Hope Star from Hope, Arkansas on August 2, 1954 · Page 1
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Hope Star from Hope, Arkansas · Page 1

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Hope, Arkansas
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Monday, August 2, 1954
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Page 1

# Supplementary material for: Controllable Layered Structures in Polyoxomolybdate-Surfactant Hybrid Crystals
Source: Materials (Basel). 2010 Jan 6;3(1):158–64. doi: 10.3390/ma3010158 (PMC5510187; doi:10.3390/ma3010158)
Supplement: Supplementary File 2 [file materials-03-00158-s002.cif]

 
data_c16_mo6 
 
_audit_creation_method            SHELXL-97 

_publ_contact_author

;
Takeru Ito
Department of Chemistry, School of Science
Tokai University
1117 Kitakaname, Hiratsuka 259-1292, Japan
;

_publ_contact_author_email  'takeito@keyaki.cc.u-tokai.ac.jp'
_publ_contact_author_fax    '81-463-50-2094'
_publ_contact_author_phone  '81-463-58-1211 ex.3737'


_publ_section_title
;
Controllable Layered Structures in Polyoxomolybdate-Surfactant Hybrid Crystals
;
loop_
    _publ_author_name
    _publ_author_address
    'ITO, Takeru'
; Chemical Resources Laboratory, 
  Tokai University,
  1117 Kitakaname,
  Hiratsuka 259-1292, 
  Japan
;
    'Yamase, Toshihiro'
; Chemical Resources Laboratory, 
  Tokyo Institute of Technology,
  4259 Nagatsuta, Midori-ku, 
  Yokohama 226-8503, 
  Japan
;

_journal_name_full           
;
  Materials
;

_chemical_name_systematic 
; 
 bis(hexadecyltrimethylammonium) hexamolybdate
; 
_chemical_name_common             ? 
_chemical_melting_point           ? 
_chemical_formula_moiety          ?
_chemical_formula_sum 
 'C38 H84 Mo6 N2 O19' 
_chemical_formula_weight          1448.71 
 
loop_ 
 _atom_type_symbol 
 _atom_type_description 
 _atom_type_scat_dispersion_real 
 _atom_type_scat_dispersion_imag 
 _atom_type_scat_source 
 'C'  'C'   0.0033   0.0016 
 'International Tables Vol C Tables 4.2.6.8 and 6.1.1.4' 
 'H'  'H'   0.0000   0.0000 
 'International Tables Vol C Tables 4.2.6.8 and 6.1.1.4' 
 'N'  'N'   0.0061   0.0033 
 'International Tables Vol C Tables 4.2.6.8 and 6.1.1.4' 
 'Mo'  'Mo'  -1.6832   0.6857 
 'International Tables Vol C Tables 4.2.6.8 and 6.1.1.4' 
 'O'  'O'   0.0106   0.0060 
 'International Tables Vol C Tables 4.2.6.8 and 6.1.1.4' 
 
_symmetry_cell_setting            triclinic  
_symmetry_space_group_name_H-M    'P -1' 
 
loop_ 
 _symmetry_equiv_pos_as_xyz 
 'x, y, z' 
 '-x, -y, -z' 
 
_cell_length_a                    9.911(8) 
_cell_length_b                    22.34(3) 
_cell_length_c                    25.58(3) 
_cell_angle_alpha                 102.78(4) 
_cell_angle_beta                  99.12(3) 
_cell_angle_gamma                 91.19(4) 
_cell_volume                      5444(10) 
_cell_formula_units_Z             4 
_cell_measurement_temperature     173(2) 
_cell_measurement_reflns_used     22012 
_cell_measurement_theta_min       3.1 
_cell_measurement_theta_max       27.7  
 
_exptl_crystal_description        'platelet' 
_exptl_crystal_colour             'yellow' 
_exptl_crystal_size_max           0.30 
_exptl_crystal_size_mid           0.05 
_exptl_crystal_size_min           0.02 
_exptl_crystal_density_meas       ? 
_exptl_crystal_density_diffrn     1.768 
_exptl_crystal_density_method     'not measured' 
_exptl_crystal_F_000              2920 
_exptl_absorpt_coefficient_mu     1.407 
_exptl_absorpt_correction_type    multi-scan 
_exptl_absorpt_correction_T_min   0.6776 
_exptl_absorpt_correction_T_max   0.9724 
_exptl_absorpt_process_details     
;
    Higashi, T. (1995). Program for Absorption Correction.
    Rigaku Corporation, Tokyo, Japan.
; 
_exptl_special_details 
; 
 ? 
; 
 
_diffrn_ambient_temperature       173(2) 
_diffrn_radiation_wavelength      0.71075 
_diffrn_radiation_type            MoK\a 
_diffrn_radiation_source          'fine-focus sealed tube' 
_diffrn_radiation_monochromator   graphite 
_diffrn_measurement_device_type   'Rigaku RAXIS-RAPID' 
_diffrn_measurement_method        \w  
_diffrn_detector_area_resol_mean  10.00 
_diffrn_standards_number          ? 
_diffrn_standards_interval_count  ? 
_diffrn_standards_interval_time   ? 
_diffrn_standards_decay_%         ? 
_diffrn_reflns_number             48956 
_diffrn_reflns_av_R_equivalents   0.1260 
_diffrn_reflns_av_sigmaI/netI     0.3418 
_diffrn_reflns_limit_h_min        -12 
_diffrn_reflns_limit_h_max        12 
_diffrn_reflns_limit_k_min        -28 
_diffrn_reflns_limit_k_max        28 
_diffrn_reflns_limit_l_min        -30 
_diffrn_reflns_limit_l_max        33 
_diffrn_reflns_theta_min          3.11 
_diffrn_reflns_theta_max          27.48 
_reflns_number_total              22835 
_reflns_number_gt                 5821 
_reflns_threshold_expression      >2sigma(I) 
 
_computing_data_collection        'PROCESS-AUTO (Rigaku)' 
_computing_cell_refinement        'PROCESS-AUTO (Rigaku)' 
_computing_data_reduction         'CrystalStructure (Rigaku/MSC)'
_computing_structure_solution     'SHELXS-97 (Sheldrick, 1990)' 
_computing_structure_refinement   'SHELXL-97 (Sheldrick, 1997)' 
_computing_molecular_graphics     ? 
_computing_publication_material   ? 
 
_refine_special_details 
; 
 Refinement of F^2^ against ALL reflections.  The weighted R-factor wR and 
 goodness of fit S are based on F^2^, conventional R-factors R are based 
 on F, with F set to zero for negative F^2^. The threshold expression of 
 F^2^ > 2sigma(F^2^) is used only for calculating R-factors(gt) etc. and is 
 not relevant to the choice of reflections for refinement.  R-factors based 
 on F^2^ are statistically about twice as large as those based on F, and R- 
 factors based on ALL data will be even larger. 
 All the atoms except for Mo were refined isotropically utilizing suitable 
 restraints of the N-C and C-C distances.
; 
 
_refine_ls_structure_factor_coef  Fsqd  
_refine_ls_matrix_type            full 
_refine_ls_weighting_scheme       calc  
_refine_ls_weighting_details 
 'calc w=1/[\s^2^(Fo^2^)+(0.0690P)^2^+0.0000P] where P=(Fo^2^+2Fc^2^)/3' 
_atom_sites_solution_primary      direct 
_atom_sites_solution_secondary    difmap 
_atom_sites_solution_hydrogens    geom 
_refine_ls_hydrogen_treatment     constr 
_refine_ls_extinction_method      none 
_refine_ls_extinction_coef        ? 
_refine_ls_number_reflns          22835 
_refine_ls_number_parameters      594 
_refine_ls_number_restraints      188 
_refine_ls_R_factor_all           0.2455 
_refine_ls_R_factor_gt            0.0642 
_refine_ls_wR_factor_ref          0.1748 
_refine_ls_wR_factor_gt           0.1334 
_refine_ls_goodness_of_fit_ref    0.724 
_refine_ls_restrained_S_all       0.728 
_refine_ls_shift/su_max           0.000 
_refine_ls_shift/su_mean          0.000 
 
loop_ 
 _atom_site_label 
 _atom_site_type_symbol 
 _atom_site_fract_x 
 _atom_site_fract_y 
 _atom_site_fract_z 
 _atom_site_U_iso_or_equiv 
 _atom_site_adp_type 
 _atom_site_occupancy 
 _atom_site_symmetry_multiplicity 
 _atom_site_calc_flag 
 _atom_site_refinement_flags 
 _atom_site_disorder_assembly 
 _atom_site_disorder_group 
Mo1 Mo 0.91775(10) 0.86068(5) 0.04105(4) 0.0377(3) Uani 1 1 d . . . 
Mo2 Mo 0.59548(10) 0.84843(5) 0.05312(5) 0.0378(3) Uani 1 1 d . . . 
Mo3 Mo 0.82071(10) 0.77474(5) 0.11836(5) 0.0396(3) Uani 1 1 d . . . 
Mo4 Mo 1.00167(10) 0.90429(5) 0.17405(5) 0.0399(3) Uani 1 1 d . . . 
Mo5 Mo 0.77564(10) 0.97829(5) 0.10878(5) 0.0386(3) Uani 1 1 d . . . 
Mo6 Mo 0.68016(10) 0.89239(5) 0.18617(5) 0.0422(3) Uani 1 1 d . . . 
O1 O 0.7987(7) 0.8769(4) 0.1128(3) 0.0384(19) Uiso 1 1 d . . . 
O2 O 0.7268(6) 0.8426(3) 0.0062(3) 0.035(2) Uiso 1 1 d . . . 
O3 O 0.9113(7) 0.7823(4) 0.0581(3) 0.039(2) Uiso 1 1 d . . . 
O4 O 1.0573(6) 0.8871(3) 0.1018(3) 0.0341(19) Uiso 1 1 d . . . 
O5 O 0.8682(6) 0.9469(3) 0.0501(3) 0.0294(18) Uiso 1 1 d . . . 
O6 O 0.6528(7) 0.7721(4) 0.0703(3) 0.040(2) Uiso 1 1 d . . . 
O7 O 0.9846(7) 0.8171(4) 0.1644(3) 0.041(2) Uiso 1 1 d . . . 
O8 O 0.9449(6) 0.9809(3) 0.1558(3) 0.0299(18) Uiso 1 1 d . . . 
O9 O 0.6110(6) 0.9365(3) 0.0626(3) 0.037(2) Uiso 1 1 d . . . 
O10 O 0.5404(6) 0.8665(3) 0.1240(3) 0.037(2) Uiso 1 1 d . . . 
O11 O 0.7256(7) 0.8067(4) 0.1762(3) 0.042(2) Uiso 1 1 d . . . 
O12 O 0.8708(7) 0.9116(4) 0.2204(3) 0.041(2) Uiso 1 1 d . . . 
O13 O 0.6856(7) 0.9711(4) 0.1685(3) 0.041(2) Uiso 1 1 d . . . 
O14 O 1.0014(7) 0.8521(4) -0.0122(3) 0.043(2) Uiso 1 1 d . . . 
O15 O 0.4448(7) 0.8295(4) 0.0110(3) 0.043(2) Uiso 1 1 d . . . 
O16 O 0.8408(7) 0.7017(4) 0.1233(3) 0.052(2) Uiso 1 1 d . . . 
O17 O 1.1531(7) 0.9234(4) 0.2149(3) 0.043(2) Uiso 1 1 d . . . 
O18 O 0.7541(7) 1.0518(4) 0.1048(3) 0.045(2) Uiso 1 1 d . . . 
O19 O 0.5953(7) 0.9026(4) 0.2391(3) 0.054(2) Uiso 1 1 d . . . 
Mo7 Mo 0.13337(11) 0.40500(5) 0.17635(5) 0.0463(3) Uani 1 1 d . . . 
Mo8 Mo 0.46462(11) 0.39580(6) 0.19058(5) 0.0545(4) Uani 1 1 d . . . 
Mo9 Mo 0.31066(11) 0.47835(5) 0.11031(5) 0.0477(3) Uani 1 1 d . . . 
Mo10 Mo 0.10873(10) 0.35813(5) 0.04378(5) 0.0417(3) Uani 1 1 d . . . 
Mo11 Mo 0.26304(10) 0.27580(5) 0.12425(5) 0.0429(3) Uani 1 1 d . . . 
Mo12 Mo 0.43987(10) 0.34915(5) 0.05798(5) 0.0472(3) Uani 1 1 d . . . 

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aOJSK^i ? ."w* «a - 1 - * V* -vlft* ,t •' ft- To City Subscribers: If you fail to get your Stef please telephone 7-3431 by 6 p. hi. and a special torttet will deliver your paper* iftfL nJ?> ft off x?mti Star ftftt tha station fending High 65, Low &BTH YEAR: VOL. 55 — NO. 245 Mat of Hop* 1IW, PMii tM* afi. 1»/ 1*2* MOM, ARKANSAS, MONDAY, *UJUSt 2/1954 '—'— : '—' " f T '"'''' '*""'•' ""5? : f M Ai»icl«t*a Pr*M ft Audit Av Nrt >«W CM1. 1 MM. CfldlAfi Matth tl, OUR DAILY BRfAO Sliced TKIn by The Editor A!**, Hi Washburrt fou Voted for Cherry and Honest Roads: How Now Can Turn Arkansas Back tb the Political Pirates? l*iv ' Two years ago the voters of Arkansas nominated Francis ^-.herry OS their governor to reform a state government that |*WaVshot through and through with waste and graft. \ He was nominated by a margin of 100,000 votes, for r/me'scandals disclosed by the Highway Audit Commission's Wirings in January and February 1952 were fresh in the i>ublic's. mind. I Therefore when Governor Cherry sought renomination • In the July preferential primary it seemed unnecessary to „ jive him editorial endorsement and financial help. A seo> I .bhd.term is traditional in Arkansas for office-holders who j ie'rve without scandal—and the Cherry administration is l),bs clean as the proverbial hound's tooth. • l-f But the political pirates who were put off the ship or Instate two years ago are making a desperate bid to come 'atapard again—headed by Orval Faubus, highway com- 'jmission chairman under Cherry's predecessor. They are tyniqal-enough to believe the public has either forgotten, bV'Vtow'condones, the graft that the Highway Audit Corn- mission exposed in their handling of public road money. • Orvdl Faubus said in his preferential primary campaign -—and I heard two of his broadcast speeches in full—that ['.Sherry "has taken the Highway Department away from 1 the people" and "I am going to return it to the people." But let us look at the record of what the Highway Audit 'Commission turned up on Faubus and his cronies. The fol- '.'Idling are excerpts from Associated Press dispatches published in this newspaper, as dug up from our bound files: On January 30, 1952, the Highway Audit Commission .heard testimony that $2,961 which Monroe county residents had given Highway Commissioner Charles Adams bf Hughes for proposed work on the Indian Bay road tum- ped up in a political campaign fund instead. Quote: "'. "Instead of going into the state treasury, witnesses said, the money wound up in the second term c^m- ' paign fund of Gov. McMarh. Two checks, totaling ^$2,961, were introduced. They had been indorsed by .TAdams and re-indorsed in the name of 'Henry Woods, - campaign manager.' " When Faubus and his allies were running the highway |- department "close to the people" some^folks had an easy I.Ttirne selling the state unneeded supplies at exhorbitant I bribes. In the same issue of The Star, January 30, 1952, J-.the-Highway Audit Commission heard testimony, that: |;;'(Quote) •''1. Highway Commission records fail to show auth- . onzation or approval of the department's spending I 'Cp.about $525,000 for stockpiling materials during ., •/ 1950. .. ^, «ral' .,v ,• "2. On June30/1951, the highway department hod pbout $362,000 worth of the road building materials on hand, with one stockpile containing crushed rock sufficient for 7$ years, x x x "6. Exhorbitant*profits were made by the principal . vendors of the materials." And this testimony from an AP dispatch in The Star of February 1, 1952. (Quote) * "A road contractor testified today that he paid W. M-. Treadwell of Morrilton, a member of the State • Alcohol Control Board, $10,850 commission on ' crushed rock he furnished for a road project in Pope county. "Ernest Freshour told the Highway Audit Commis' ' sion that Treadwell suggested in 1950 that he .increase his bid for furnishing crushed rock to allow 'him, (Treadwell) 70 cents per cubic yard for truck rental. "Freshour, who with three brothers operates a con- I- ^tracting firm at Swefit Home, near Little Rock, said P'V-that he agreed because 'we needed the work, were |f-~ „. heavily in debt—and still'are—and we felt like that - was the only way we could get the job.' " Prettv nice—a commissioner in one branch of the state government picking up a personal profit of $10,850 doing business with another branch ... the common name for which is graft. , And this final excerpt from the log .of the Highway Audit Commission, an AP report in The Star of February 16, 1952. It has to do with the recommendations given the HAC by four non-political experts on how to get rid of such graft. The four were' Chief Engineer Alf Johnson, with the State Highway Department for 25 years; former Highway Director J. C. Baker, who held that post under three governors; William M. Spann, Kansas City consulting engineer; and P G. Wilson, St. Louis, chief auditor for the HAC. Here is the AP report on their major recommendations: . •• "1. A revised Highway Commission with a maximum of five members insteqd of the.present 12. A proposed constitutional amendment to* set up a "five-" - ' member commission with staggered 10-year terms will be voted on at next November's general election. XXX ' "7. Removal of politics from personnel administration and road placement." That amendment was adopted by the voters, and under Governor Cherry the State'Highway Commission and Department have operated autonomously, building roads instead of political fortunes. Trunk Highways U. S. 67 and 70 are being reconstructed clear, across the state. And the time-table on secondary or local roads is being followed j.n a faithful and business-like manner also. One of the roads Hempstead and, Nevada counties have been interested in for many-years is State No. 4, which has a gravel gap of 12.57 miles between the-Hempstead county line and Rosston. This is now under contract for new base, with the asphalt hard-surfacing contract to follow in 140 working days. Folowihg is the official record'on this No. 4 project: Aug. 25 ,1953—Programed by the State Highway Com-' mission. ' ,, Sept. 9, 1953—Sent to Nevada county for acceptance and right-of-way-work. •"' * r Oct 26, 1953—Accepted by the county and returned to the commission. Oct. 27, 1953:—Accepted by the commission. May 1954—Sent to the U. S. Bureau of Public Roads >" for approval. June 29, 1954—Approved by the U. S, -Bureau of Public Eight Persons Killed in Accidents McClellan Asks Committee to Draff Charges WASHINGTON I/PI -- Sen. Me- CiellaH (D-Ark) suggesed today the citation of a special Scnste corrttrfittee to draft formal charges against Son. McCarthy (R-Wis) with the aim of a vote before Congress ^adjourns. McClellan termed it a 'better procedure" in his view than others advanced so far, but 'said he 's not committed to it and would go along 'if a better one is suggested." ' . McClellan made his suggestion in an .interview. He's the senior Democrat on McCarthy's Senate Investigations .subcommittee, and the man to whom many Democrats look for quartet-backing on issues^ involving McCarthy. McClellan said the resolution by Sen. Flanders '(R-Vl) to censure McCarthy is not specific. Tmf not passing Jin^. ludgrnent . ~ { ^ on whether he should be cehsured ... -.„,., ,„„„ ',„,,,. ^,...^ n Faubus Admits He Some Time at Commonwealth AP&L Rate Hike Hearing in Progress By The Associated Press \ LITTLE ROCK (ffi — Complain ing customers of Arkansas Powei 1 violently over the weekend .bringing the total in Arkansas to nine for the week ended last midnight. Traffic was responsible for six deaths, and two persons clied i.i accidents with cotton d u E I i n» planes. Earlier in the-'wcelc there was one drowning. in & Eight persons in Arkansas died & Light Co. may have forced ear- McClellan said of the Wisconsin senator'. , But: if ths Senate dees bring a censure: resolution to a vote, he said, it .{should be a resolution containing ; specific accusations giving the person or person? named 'a fair 'opportunity to enter a defense."-^ Any. senator who is censured should have specific charges to iswer? and the Flanders 1 'resolution "does not now meet that test," McClellan said. 'I - I'think the better procedure would >i>e to have a committee vote out specific charges at this ses- ville, Ark.,' was caught between his parked truck and 3 passing ait- tomobilo Saturday wlicn the two vehicles collided on Highway 27D near Malvern. Roberts died later from injuries suffered in the collision. - ' Virgil Southerland, S9, of Malvern, driver of the car,-has been charged with, negligent homicide; He was quoted as saying he did not see the truck. .Tommy Lee Hall, 30, of Parkin, was killed when a car overturned near Wynne. Hall was a passen j,er in the car driven by his brother. sion o% Congress." He said he thought it would be wise to assign such a task to some special committee of cenatorb from both - Parties 'who have had the least to do'' with rows involving McCarthy. McClellan emphasized that "it is not^rny tought to delay" in suggesting creation of a special com- •*:• . , . , • ' July 22, 1954':—Contract awarded for grading,'minor structures, and gravel base, 12.57 miles, $153,129.41. Base contract time limit 140 working days, immediately after which contract will be let for blacktopping. Hard-surfacing of this gap in No 4 represents fulfillment of a promise to connect up vital roads without regard to politics, and to treat all geographic areas fairly. No. 4 cuts across southern Nevada county. But No. 24, crossing northern Hempstead county, also is under contract from Prescott to Blevins,,and the blacktop will later be extended to Nashville. And Highway Director Eldridge has pledged that the Hope-Blevins road, northernmost section of State 29, will be blacktopped in 1955. Contract has been let for blacktopping State 55 from Mineral Springs south to Saratoga, Howard county, with eventual extension to Fulton, Hempstead county. And $24,000 worth of regraveling work is now under .way on State 73, connecting Hope and Columbus. This is a record of accomplishment. Faubus engineered a 28-million-dollar bond issue ... few roads . . . much graft. . But Cherry's is an action .without debt and without graft. lier hearings on tha utility's pending request for a rate increase. Lewis Robinson, chairman of the state Public Service Commsston yesterday said his commission will open hearings today to investigate charges that AP&L's increased rates are out of line. AP&L appealed to the PSC-for a rate increase two months ago, When the PSC suspended the increase, AP&L utilised, an Arkansas iaw 'which permits public utilities to increase their rates under bond pending a hearing. AP&L posted bond of one million dollars «md the increased rates went into effqct this month. Robinson, who earlier had said the 'hearings probably would be held next .My, says the "terrific inerest" in the rate increase might cauSu the ,PSC to, put hearings on their docket for a dale "before fall." By Th'e, Assoc&j^lf'j Gubernatorial., j^^?44' Faubus oi'HuatsvlMHbclaV 1 spent sevetaWdayffonUhgcfcj of Comm«n{|t.^nac4; i$oftV . ..11* *^..%4._ „:?',• V£f. **J£i£K j£.3*K* wealth College elected president 1 Mo,,. , But he > said he;Jldn' r tt4 the v school, or ' , there' and rjettftned >6^Wf^ * t ">*'«"" f * A ' mittee. f Eonald Charles; Faither, 52, of Arkadelphia, was killed in an overturned car. Officers said Hall apparently lost control of his car on a gravel Toad near Hollywood, Ark. , , Both accidents involving cotton dusting planes occurred Saturday. A 50-year-old Negro — Charles Thomas — was killed when he was struck by a propeller '' of a plane pre'paring to take off , at the, Ruben, Bredlow plantatipft 50 miles Prices >rop, Grocery %tces Don't LIVINGSTONE l-jWASHINGTON Iff! — The House Agriculture Committee formally reported today what housewives al ""jdy know: grocery store prices iain at near-record -highs do- gtg a sizable- drop ir. fnrni •ipes.V . public a statistical study trend in farm prices and costs, the committee far, almost none of the |lpwer- prices received by farmer? 1951 l ( as been passed on tc food poneludod: - r . „„.. . ip the form of lowei retail food costs. if declines in farm prices gre' ejcpected as mora , livestock " livestock products come to and government price levels are lowered. however, from these lower unless recent tenden se marketing and prpc charges are curbed." somewhat less nps t ..t r< ?ni the housewives' t, .e yegterda/ from Bcp^rimeni, wine; god^ will te in ptegtt during thf r^raainlnf n.|)s of im »»4 th«t price ~ department output ol porfc, ve»l, lard processed fruits end somt'. vice 78 Local Youths Attending State . 4-H Club Meet Eighteen Hempstead county* 4-H Kib members, and leaders' left Hope this morning to attend the itate 4-H Club Week at' the Uni- 'ersity of Arkansas in Fayetteville The delegates will return Friday. Each member of the group will participate in special activities luring the week. About 1,000 4-11 !lub members, representing all Ar- tansas counties. will attend the wenty-third annual meeting on the campus at the University, •The outstanding county members ! rom Hempstead include Marshall F$owe, county council president; Charles Beck, county ' council secretary-treasurer; Joseph Rowe, I vehicle sprayed •flF n »T n ll Omimll - 1Vff n n4V.n 13 n IlU, With ITlUddV Wflt( Hope Family in Accident in Texas .Lawrence Sparks and family es Turkey Visitor Entertained at Park Picnic relrilcK, Reds Battle in River Delta By LOUIS GUILBERT HANOI, Indochina (UP)French troops and Communist Iridochinese supporters fought each other with bare fists and bamboo sticks in the Red River Delta yesterday, the French high command said today. French authorities feared serious trouble lay ahead because the Communists had Interfered only with- Viet Namese civilians attempting to flee Communist rule. The ^trouble started yesterday when unarmed French patrols were ordered^ to tear' down Red flags in dozens of tielta village^. They met fierce resistance in many cases, AncUat Keo, Jewell Harrison, f was killed when the tractor'he was driving and a cotton dusting plaric collided. The plane was coming in for a landing when the accident occure<jL Four Commie Leaders Jaile i ' !,V ' '» ! '' < by FBI Agents as soon as \ho3 nature of,<tl ' He said '1 va& chostin^headp 1 ! ,roup, y interested; ir^Fe'ci-tti|in|^ :rom Arkansas..^" ?I »"- '-"* Faubus'', it has qff campaign.'*^ job between, him.: Cherry., j ^ k ' s Faubus'd had "ever^a.Pe'ni Commj fast .** * , - , statement FaubusbffJ Rock. Jfj t 6A>' iFaubusJsa; heiJgY#<U)«l{<~ _i_.ii__t_l -iCiL 1 By 'JAMES sloner Jose mostly from women, Since the cease-fire went into Miss Fahire Ozek of Bursa, Tur ikey was honored with a picnic at i- Fair Park last week, Miss Ozek caped . serious injury Saturday when the ..auto in which they were riding'" s}dcid'ed on wet -pavement and overturned down a 20 foot em- told of the customs, habits and living conditions of her country. Mrs. - II. E. Patterson, council president, presided during a short business meeting. It was voted to effect July 27 the Reds have been putting lip triumphal arches, draped with tha colors o* Red China and Russia, over principal delta highways. A French patrol want 'i|to an area east' of Hanoi, armed with bamboo sticks on a mission to o'e- stroy all Red flags fluttering from village doorways. bankment northwest of Ft. Worth charter a bus to State Home Demonstration Council meeting at Fayetteville August 30 - September 3. Any HDC member desiring near pecaitur, Texas. The Hope family was enroute to New Mexico to visit relatives. Thcyj to nin ke the trip is asked to make Wanzell Martha Reilly, :ims Petre, Mary Ida , Adams. Evelyn Adams, Thomas Burke, Jack Ruggles, Janette Fincher, Sandra Burke, Carolyn Sue Hicks, o.nd Larry Allen. Leaders attending are Billy Jack Coffee, Mrs. Arlis Adams, Mrs. Atonroe Stuart, county extension stenographer and Mrs. Lorraine Wylie, Home Demonstra' tion Agent, Morse Says Truman Gave Him Data WASHINGTQN , 'Sen. Wayne L. Morse (ln<JOre) told " the "Senate tp4ay ident Truman gaye him » when. Pres- se cret document during the 185? political campaign to reply to a speech by Dwight J3. Elsenhower then RepubJican presidential aw, plan to make the journey ne:$t Week, Mrs. Sparks was driving the nuto and • was , blincjed when a passing vehicle sprayed the windshield with muddy-water. She touched the brakes and the vehicle skidded out of control on the wet pavement- They all escaped with minor bruises. The auto was badly damaged. On the local scene an auto driven by Leo Hartsfield's daughter was sideswiped by an unidentified old model car near, tne Highway ?9 and Country Club road Saturday. The vehicle was slightly damaged. City police are investigating On Highway 67 past of Prescott S^turda^y night two persons, Igor Fregory Gray, 26, Shreveport and his wife, Nathalie, both naturalized, citizens who came to the U. S. from Poland, were seriously hurt wtyjn their auto went out of control and hit an embankment. They were ts^en to a Prescott Hospital for treatment. Troopers Henry Guy pownjnfi investigat- $5.00 deposit with Mrs. Patterson or a'seat reservations before August 13. Plans were made for a party to be held at the coliseum in Fair 3 ark in October and the Harvest Festival to be held in Noverber, >The song leaders and recreational leaders from the different HDC were in charge of the program, Mrs. William . Schooley, Victory HDC, told of the Recreational Wor kshop held at Aldersgate in Little Rock in May. Mrs. Earnest Cobb, Green Laster HDC, told of the Health Conference held in Little Rock. Pot luck was served at }yjipr?e made the djscjogure in reply to Senate J]tep,u,bUc4n Leader wjyi»m F. Kn,owlan4i who reveal- a.b«u,t ed. ^hc- feUasluep at the Thunderstorms Strike Several Midwest States By United Press Thunderstorms and a tornado Strike Idles Three Major Airlines By The Associated Press Strikes today shut down American Airlines, the nation's largest air carrier! threatned operations of Reynolds Metals Co,, one of the nation's largest manufacturers of aluminum, and cut off most in Ilk deliveries in the greater Cincinnati area. The AFL Air Line Pilots 'A?sn. struck the airline Friday midnight for an eight-hour day. Directly involved were New York-Los Angeles nonstop transcontinental flights the union said sometimes run as' long as v njne hours. The ALPA also poised strike threats against Trans Wprld Airlines and United Air Lines but said it expected to take no immdiate strike action agpjnst those lines. The American shutdown reached lull effect yesterday a-' 1 a" planes were grounded uoon reaching home bases, The airune employs 1,200 pilots. The strike of another sirline— West Coast Airlines — by the AFL Air Line Agents Assn., has been deferred pending resumption of negotiations today. The walkout originally was .set for last night."'* 6 '' top Copmunlsts j. only, one .block 'ttohi 1 "fhe j Capitol Building" by'' fiftli Was arrested 1 in Three men and a woman, were taken by TBI agents lo- f city l j ail here for fingerprinting, then to the county jail. Commissioner Neff said a preliminary hearing would be held 'Aug. 16., ' " f> The arrest of the four, along'jwitfy that of Mrs. Patricia Blau in Los Angeles, was announaed jt\ Washington by FBI Director J.' Edgar Hoover, U. S. Atty. DonaM 12, Kelley said all wera arrested pn •warrants issued hero 'nnd ing them with violation, of the Smith 'Act. ' ' That law under'which a total o£ 115 Communist party f,unntionar»es have been arrested since 19^0, makes it a crime to teach or ad- Continued on Page Two 1934$p ioleW "Plnfol r.ame the orgian. ing the-'begjlr,,,., elected' preside Assqciatioif ^- i was *»**%'^*f single .s^udqntUMS fcpfp^;?my;-j%r^ an4< could ;noM$ lection J*f g.VJj ; r'Hojveve^'-; that "memo'ere wore very^nf > . A i 1 -/ W* 1 struck 'in : the nation's midsectlon, but. most Midwesterners were glad to accept the thunder -and light ning along with cool wcathpr and crop-saving rains, The twister struck Burke, S. D., Ipst night,- injuring two persons \\lien .the funnel hit their truck. Damage" was estimated at betwen $75,000 to $100,000 as the tornado knocked out power a^d communications, lines, and destroyed a filling st'a'tipn and ? mink farm. Winds p| from 55 to 60' miles per hour whipped rainstorms ih parts of Texas, Kansas, Oklahema and Missouri. A Thunderstorm dt 'Phone Workers Get Increase A new contract agreed • to Supday by Illinois Bell Telephone: Co. and vhe CIO Communication Wortcjers pf America will gjve 8.QOO operators, clerks and §v>pervlsprs a wage of 4-6 cent? an hour. The 300 A contract Is subject • to by employ^? Jr. of Chicago.. Conpordia, lefp more, than Attorneys Seek .; -• w Release of Slayer ; ' * J<1 ~*d CLEVELAND,., Q,, (UP) -O/ tomeyst'for Dr. Sarnue^ Sheppiwr.., accused* of the July 4 'slaying of his, pretty wife Marilyn, went into court today, in an effort to obtain hjs release on ft write of habeas corpus, Defense Attorney William J. Cor. rJgan filed the writ in the court of Common Pleas Judge Frsjnl? J. Mcrriek, C'orrigan contended ,4hat She>pard's arrest Friday nTght \va& illegal since the warrunt?-\V!»s signed by Bay Village Council President Gershom M. M. Ba'rber; who acted for Mayor J. Spencer ouk,, The lawyer said it'iv^ ille/\ gal* for a justice of the pe^cft'tei delegate his authority to someone else, j, . f >' ' p*5ft tiph, ypvRi 1 * All Around the Town By Tht W*r|lt|« JJ . campaign Gar fishing on Little River seems to be picking UP with more an£ more" interest , • • • yesterday David Waddle and Reece Ch9mb les ? pulled in a giant seven footer which probably weighed between J50 an<» 175 pounds. an inch. fl| rain an4 Columbia, Mp,, jncbejs pf rain «ver a hour perjpo}, dropped ftom N? w England southeastward over thi 4 Misspuri yalley to ]\Iisspuii aM Northern Arkansas, Aipng the At lantic ' Coa?t another cool front puhed |touihwar4 into Sputh Una- - . v Dr, Alice Bavtow Pvowr>, s|s pf Mrs. EH?abeth PrWch^rd Hope, is spending the summer the Spencer hotel of eji^tauq New York site of U»a ^«st'e torial cyltural resort. •> , two months and ''' than pne month PS AuJ^rey' Goodwin pi n,e»r vtjie brought in a l}g pqujjd i^eion Saturday, t^e leEgest jn this p-eg tW^, r, G«94win tos b,qe) melooj ior,ft.»v»ro good ,^' w ?4r '^ . Mayor Jphp L. Wilson' §?jd 'twfa t^ie regular CJty Counctt, njs to\- Tue84^>j4s^ v ^ be ^w ; . r . «# m^m&m , be on Tuesday, A^us^ ,17^, £lfc' ,. «? W ji 3%i(a« R S^r^r fe ^ ILi» D u v fc_ iii^-i.